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Karpathos

This oblong island, third largest in the Dodecanese, possesses incomparable natural beauties and traditions jealously guarded by its inhabitants. The area of Northern Karpathos, which includes the islet of Saria, is comprised of the districts of the Community of Olympus with 104.8 square kms, the former Communities of Mesochorio with 34.8 square kms and Spoa with 17.0 square kms.

The area is mountainous and covered with pine forests and bushes. Between the peaks are rich valleys planted with olive trees and wells, which are found in many places. Pebbled beaches with clear water hug the rocky coastline and are to be found both along the eastern and western coasts. It is an ideal place for hiking as many Europeans have discovered, coming every year to walk along its exhilarating paths.

Findings show that the area of Northern Karpathos has been inhabited from very early times, at least from the 15th cen­tury BC. Two small churches with aniconic frescoes were probably built in the middle of the 8th century. Likewise aniconic scenes, which were revealed after the removal of later painted decorations on the western dome of the central church of Olympus, indicate that the church was built during the iconoclastic disputes of the 9th century. In other words it has a history dating twelve whole centuries.

In the 1991 census Mesochori was found to have 406 residents, Spoa had 254 and Olympus had 575. Today Mesochori and Spoa belong to the municipality of Karpathos although Olympus is an exception and constitutes a separate community.
Mesochori is built on the foot of the mountain named St. Epiphany and has an incredible view of the sea. it has pic­turesque narrow lanes, plenty of water, hospitable locals and beautiful folk traditions. The small settlement of Lefko is situated by the sea and boasts fine sandy beaches as well as a landscape of rare beauty, which is being developed for tourism.

Visitors may approach from the village of Aperi or by sea along the pic­turesque bay of St. Nicholas.
Rich folk traditions are also preserved here, especially the custom of 'enjoyment'. Olympus is the northernmost village of the island and it has the highest altitude. It is situated on the northernmost foothills of Mount. Prophet Elias (718 m.). It seems that the mountain had the name of Olympus from the pre-Christian era, due to its magnificent and haughty grandeur, from which the village received its' name. The settlement spreads out along both sides of the mountain line where the series of graphic pedal-shaped windmills are to be found.
On the western side, sudden cliff faces race down until they end up on the rocky shores and into the usually choppy sea. Alternately, on the eastern side a picturesque valley, which earlier was even more beautiful covered as it was with rich vegetation and running water, is to be found. The traditional housing of Olympus are single leveled one-roomed houses with only one additional room serving as a kitchen.

The central church of the village, dedicated to the Dormition of Our Lady, is indeed impressive. It is built according to Byzantine architecture with interesting frescoes of the Ottoman rule period covering the entire interior and a wooden iconostasis carved masterfully.

In addition, the whole settlement and surrounds are dotted with numerous colorful chapels.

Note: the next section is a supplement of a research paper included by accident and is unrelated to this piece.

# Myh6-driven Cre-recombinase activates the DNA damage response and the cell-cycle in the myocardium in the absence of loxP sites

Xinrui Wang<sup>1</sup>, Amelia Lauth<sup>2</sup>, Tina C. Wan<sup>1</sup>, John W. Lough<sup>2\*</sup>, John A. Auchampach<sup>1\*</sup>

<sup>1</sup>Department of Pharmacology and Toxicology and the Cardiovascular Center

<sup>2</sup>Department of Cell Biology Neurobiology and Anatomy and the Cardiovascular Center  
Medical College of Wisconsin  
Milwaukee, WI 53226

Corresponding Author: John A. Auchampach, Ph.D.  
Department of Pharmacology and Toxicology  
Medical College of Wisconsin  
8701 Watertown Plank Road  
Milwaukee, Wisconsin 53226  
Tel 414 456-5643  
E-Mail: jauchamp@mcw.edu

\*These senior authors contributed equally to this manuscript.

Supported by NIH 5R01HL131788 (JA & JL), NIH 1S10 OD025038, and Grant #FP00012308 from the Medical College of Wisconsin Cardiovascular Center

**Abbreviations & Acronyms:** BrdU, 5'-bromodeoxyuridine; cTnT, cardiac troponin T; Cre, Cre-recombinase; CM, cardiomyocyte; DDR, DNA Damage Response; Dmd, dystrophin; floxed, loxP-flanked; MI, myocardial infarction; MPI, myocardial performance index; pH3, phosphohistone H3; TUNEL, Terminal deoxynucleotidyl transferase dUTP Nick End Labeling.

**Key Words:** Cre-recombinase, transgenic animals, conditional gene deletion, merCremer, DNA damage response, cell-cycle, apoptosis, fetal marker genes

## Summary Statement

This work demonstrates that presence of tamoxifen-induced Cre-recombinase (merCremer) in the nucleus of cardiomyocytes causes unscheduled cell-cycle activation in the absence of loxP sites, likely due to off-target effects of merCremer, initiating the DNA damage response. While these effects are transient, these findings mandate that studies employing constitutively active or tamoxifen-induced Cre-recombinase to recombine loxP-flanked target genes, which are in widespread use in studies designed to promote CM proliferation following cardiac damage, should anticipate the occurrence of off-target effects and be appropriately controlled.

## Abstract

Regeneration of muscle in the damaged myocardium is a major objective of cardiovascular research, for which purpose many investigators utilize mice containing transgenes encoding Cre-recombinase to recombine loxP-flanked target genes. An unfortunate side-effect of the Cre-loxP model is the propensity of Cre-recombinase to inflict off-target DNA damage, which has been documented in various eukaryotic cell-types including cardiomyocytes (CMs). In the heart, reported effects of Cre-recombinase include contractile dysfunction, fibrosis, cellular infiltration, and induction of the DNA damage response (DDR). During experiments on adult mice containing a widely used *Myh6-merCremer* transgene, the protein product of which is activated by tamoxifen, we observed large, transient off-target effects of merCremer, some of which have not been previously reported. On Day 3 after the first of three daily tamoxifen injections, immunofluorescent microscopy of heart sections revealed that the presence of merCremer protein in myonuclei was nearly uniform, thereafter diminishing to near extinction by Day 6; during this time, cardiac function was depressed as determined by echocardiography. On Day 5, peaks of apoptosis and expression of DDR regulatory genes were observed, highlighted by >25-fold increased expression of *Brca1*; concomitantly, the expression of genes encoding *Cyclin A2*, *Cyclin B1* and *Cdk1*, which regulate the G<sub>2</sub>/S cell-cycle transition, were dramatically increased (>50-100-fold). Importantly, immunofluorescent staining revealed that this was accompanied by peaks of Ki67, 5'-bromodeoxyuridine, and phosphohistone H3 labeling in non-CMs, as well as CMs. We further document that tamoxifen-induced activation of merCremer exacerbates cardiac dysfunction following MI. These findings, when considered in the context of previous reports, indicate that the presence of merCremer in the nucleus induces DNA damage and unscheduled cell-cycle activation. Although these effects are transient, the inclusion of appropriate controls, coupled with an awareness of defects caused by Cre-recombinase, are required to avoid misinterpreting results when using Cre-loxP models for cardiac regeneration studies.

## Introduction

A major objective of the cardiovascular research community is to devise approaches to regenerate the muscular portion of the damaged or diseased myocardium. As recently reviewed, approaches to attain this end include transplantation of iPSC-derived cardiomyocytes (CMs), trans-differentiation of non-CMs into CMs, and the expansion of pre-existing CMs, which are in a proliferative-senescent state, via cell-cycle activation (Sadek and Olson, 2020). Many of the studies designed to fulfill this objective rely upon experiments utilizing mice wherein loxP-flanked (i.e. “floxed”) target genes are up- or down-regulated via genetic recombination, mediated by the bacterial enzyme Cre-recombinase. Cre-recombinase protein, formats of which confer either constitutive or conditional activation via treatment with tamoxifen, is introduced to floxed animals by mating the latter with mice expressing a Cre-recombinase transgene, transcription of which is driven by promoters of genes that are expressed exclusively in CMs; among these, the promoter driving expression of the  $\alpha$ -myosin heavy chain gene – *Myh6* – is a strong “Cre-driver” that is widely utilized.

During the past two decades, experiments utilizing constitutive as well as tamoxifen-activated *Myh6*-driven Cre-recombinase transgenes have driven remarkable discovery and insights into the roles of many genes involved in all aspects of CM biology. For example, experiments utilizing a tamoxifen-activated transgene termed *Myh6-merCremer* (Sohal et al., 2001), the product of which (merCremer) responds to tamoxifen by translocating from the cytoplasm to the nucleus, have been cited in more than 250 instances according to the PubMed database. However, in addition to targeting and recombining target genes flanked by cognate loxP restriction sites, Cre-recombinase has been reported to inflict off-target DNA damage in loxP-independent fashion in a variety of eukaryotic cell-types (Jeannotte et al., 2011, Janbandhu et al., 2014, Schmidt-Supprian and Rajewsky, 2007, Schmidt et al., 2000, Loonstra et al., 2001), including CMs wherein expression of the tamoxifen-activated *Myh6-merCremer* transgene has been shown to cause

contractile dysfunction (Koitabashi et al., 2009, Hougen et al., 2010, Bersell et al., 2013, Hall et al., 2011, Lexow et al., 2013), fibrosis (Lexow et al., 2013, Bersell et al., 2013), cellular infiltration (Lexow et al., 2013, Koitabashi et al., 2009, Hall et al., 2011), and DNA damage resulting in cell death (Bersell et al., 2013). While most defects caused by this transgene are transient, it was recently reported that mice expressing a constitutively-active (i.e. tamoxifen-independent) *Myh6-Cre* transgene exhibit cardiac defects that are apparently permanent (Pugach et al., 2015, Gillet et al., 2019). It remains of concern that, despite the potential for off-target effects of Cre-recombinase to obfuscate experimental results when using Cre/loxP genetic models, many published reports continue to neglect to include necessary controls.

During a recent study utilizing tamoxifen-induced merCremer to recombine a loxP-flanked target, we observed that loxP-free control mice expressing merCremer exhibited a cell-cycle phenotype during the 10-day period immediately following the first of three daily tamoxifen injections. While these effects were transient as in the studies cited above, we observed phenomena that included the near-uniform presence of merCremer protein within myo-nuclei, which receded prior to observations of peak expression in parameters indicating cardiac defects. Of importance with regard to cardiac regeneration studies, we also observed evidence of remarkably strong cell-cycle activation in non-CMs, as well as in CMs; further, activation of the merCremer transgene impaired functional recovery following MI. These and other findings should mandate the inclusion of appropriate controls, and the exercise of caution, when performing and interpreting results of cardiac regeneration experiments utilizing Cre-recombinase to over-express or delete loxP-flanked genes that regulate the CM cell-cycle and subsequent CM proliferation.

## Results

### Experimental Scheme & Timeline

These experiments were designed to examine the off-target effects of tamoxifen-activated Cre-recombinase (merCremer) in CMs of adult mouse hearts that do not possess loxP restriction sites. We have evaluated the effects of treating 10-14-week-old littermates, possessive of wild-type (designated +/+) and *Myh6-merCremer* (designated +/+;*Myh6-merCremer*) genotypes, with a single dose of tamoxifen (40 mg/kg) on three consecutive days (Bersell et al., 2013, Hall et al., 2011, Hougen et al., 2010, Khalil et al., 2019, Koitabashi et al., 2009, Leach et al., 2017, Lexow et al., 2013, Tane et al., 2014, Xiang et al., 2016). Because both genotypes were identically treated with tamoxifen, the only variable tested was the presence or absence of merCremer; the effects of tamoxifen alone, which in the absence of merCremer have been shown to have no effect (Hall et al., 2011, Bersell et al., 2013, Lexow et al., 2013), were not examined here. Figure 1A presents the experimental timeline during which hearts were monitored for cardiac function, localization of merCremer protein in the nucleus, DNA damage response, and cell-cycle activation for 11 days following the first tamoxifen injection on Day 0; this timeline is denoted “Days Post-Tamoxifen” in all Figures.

Along the eastern coast Diafani spreads out amphitheatrically in an idyllic position. After the last world war it saw rapid change and today serves as Olympus' port and tourism centre. In recent years a harbor was constructed at Diafani, promising an increased development of tourism for the area.
The agricultural settlement of Avlona is situated to the north of Olympus. It has approximately 300 'stables' (farm build­ings with threshing floors) built on the eastern face of a fer­tile valley and is subject to the winds only from the north. Up until the post war years it was the agricultural centre of the area, although today only very few people live there. Further north still is the bay of Broukountas, the exceptional natural harbor of Tristomos and the islet of Saria which is separated from the island of Karpathos by the Steno-'Strait', 100 meters wide approximately.
Olympus preserves even today a rich folk tradition. The local dialect preserves impressive remnants of ancient and Medieval Greek. The custom of 'enjoyment' which is still observed to a great degree and the traditional costumes worn still by the older women as well as the young during festivals, make Olympus an oasis of traditional culture in our times.

The biggest festivals of Northern Karpathos are held during August and September. They are the 'Dekapentavgoustou'-Dormition of Our Lady (15th of August) and the feast of St. John the Forerunner (29th of August), which are held at Olympus and the feast of the Virgin Vrisianis (8th of September), which is held in Mesochori.

Foods: various kinds of bread and barley donuts which accompany the local salt cheese or the meriari (made from full cream milk), the small pastries, kouloumbotes olives, sesame, egg and thin 'kouloures'-bisquits, makarounes, vegetable pies, drilla, mezithra, ofto (goats meat stuffed with rice), kavroumas, sitaka and others. Sweets: xilikopites, baklava (made very differently from the usual baklava), sweet mezithra cheese pies, sweet sesame and sitakopita etc.



Reviews & comments

Karpathos, Wow get to see it befor its to late Olympus is outstanding, and ok so it may seem a little staged but so is Whitby its all they have.

Commented by eunice fenney February 20, 2007

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